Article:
In our last issue we noted that while we were greatly relieved that Trump was gone, we also recognized “Biden represents the status quo ante, the policies of the Democratic Party” and suggested “any progress under Biden will be the result of militant pressure from mass social movements, including organized labor.” Several months into the new presidency, this seems an accurate description if we change “any” to “significant progress.”
Biden has adopted a different economic strategy for preserving U.S. capitalism that some are calling neo-Keynesianism. He favors increased social spending to be paid for with modest tax increases on corporations and the wealthy, if this will strengthen Washington in its escalating contest with Beijing for global hegemony. At the same time, Biden has failed to cut the military budget and, despite extending the DACA program for undocumented immigrants who arrived in the country as children, has maintained a brutal border regime, continuing to lock children up in horrific conditions. He tried to leave in place Trump’s historically low limit on refugees until public pressure forced him to reverse himself.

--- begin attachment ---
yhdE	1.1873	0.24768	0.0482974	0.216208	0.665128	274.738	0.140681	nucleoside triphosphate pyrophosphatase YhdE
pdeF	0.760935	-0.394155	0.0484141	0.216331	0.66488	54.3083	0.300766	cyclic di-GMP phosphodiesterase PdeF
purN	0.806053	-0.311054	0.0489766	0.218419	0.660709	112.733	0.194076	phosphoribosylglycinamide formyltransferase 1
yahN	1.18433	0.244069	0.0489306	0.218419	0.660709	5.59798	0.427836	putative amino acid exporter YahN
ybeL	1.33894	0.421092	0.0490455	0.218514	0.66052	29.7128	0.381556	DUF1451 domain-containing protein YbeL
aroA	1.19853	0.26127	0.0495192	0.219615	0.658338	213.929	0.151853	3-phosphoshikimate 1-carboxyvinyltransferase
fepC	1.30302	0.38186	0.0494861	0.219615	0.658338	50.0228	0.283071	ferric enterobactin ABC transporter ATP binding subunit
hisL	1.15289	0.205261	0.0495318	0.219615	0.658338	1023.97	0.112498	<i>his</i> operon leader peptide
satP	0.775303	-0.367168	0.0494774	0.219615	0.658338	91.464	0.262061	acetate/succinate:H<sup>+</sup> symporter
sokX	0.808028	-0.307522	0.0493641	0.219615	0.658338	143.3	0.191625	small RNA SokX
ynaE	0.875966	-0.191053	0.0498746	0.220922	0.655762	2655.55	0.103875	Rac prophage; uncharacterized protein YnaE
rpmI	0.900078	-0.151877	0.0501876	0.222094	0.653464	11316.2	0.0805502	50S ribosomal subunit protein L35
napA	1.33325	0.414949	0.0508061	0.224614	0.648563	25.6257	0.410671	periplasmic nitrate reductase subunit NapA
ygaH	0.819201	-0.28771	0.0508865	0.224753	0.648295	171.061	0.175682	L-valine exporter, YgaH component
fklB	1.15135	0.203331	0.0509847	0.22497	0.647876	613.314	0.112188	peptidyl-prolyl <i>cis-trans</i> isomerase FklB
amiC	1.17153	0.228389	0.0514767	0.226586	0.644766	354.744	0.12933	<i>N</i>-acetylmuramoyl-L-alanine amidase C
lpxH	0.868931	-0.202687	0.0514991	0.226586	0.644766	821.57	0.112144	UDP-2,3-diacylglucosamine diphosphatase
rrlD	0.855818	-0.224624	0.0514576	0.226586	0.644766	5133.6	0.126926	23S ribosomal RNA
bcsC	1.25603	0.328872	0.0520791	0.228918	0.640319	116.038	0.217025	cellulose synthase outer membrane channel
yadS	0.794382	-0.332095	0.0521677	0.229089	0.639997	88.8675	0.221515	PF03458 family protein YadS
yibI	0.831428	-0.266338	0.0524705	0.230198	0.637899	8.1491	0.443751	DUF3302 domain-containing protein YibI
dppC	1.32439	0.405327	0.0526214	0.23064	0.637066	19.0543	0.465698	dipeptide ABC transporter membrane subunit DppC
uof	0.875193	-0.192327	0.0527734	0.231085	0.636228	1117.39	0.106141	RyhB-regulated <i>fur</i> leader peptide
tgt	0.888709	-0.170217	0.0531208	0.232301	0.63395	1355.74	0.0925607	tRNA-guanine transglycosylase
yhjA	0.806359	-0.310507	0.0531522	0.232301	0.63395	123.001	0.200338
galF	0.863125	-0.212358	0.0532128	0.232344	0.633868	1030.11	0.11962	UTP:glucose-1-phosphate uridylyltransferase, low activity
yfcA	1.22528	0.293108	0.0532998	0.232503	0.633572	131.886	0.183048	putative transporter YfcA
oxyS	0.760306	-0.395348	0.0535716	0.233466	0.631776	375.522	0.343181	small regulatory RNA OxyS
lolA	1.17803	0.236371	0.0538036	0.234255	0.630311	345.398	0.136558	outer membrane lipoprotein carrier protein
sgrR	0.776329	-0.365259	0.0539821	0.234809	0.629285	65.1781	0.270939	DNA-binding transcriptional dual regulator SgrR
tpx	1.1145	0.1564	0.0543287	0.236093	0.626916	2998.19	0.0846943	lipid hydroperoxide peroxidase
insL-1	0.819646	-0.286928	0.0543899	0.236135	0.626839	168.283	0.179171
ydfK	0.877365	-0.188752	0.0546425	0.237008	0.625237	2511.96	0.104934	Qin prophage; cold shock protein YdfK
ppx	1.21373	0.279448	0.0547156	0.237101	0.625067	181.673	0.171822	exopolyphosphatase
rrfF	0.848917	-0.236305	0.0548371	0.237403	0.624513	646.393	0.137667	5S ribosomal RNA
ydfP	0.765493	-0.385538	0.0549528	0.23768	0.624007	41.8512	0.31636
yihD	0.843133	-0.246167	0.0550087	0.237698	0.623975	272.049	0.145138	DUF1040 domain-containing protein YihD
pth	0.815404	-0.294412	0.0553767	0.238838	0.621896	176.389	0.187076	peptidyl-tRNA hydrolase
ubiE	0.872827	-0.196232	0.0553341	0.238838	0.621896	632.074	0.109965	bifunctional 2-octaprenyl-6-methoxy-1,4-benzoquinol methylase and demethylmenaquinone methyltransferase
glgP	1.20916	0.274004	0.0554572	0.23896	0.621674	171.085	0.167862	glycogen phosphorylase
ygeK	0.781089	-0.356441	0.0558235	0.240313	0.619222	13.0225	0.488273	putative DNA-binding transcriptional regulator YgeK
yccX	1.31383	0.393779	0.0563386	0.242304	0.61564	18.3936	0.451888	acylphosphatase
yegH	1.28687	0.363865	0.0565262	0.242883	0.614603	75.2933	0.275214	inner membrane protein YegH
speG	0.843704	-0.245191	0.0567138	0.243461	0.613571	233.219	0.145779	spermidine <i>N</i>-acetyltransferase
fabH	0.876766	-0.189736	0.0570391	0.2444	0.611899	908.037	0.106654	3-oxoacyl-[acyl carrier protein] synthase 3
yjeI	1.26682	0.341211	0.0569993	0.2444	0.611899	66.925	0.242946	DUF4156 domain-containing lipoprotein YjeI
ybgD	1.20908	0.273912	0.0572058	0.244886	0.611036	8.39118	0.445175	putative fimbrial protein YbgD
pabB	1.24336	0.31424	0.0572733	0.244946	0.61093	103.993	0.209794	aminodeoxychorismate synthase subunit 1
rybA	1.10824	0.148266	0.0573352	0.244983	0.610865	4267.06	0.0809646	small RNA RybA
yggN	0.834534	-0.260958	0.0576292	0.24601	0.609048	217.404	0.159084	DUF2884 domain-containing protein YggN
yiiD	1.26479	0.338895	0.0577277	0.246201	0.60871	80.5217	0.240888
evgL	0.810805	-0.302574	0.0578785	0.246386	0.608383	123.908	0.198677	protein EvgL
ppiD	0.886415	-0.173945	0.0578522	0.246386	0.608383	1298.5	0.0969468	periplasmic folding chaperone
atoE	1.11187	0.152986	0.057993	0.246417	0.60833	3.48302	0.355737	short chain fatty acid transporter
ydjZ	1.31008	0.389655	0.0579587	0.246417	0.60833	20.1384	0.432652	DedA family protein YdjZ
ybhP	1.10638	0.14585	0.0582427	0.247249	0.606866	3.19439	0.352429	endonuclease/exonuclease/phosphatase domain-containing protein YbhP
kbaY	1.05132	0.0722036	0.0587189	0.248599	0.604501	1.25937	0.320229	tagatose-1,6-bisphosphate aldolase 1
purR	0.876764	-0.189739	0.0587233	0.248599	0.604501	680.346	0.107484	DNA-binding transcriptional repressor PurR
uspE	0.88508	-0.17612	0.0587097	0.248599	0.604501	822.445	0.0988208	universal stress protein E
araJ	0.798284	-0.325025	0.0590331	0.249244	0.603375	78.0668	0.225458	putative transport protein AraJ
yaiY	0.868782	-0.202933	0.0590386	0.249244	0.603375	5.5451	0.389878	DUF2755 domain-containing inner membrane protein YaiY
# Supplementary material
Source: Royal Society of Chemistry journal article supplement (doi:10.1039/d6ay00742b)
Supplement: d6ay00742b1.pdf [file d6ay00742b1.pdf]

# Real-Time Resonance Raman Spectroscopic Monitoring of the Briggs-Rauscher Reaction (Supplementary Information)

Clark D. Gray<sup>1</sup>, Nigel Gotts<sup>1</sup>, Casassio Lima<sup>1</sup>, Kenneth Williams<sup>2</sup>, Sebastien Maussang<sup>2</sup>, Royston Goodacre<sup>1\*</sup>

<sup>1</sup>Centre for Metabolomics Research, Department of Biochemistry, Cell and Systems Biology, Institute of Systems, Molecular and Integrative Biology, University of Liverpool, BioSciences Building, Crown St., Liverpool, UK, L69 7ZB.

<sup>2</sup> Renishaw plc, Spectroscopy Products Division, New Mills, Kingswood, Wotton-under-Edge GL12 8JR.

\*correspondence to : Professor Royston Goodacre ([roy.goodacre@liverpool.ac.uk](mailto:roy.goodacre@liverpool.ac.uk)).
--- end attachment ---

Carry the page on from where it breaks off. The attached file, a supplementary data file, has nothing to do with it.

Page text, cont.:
While Biden has rejoined the Paris Climate agreement and proclaimed grand emissions targets, he has, in the New York Times’ words, quietly taken actions that will “guarantee the drilling and burning of oil and gas for decades to come.” Just as under Trump, we will need powerful social movements to win progressive changes on the scale necessary to address continuing crises.
The U.S. conflict with China is taken up in this issue by Sam Gindin, who looks back at the analysis that he and the late Leo Panitch put forward almost a decade ago in their Deutscher Prize-winning book, The Making of Global Capitalism. Gindin considers how well this analysis has stood up.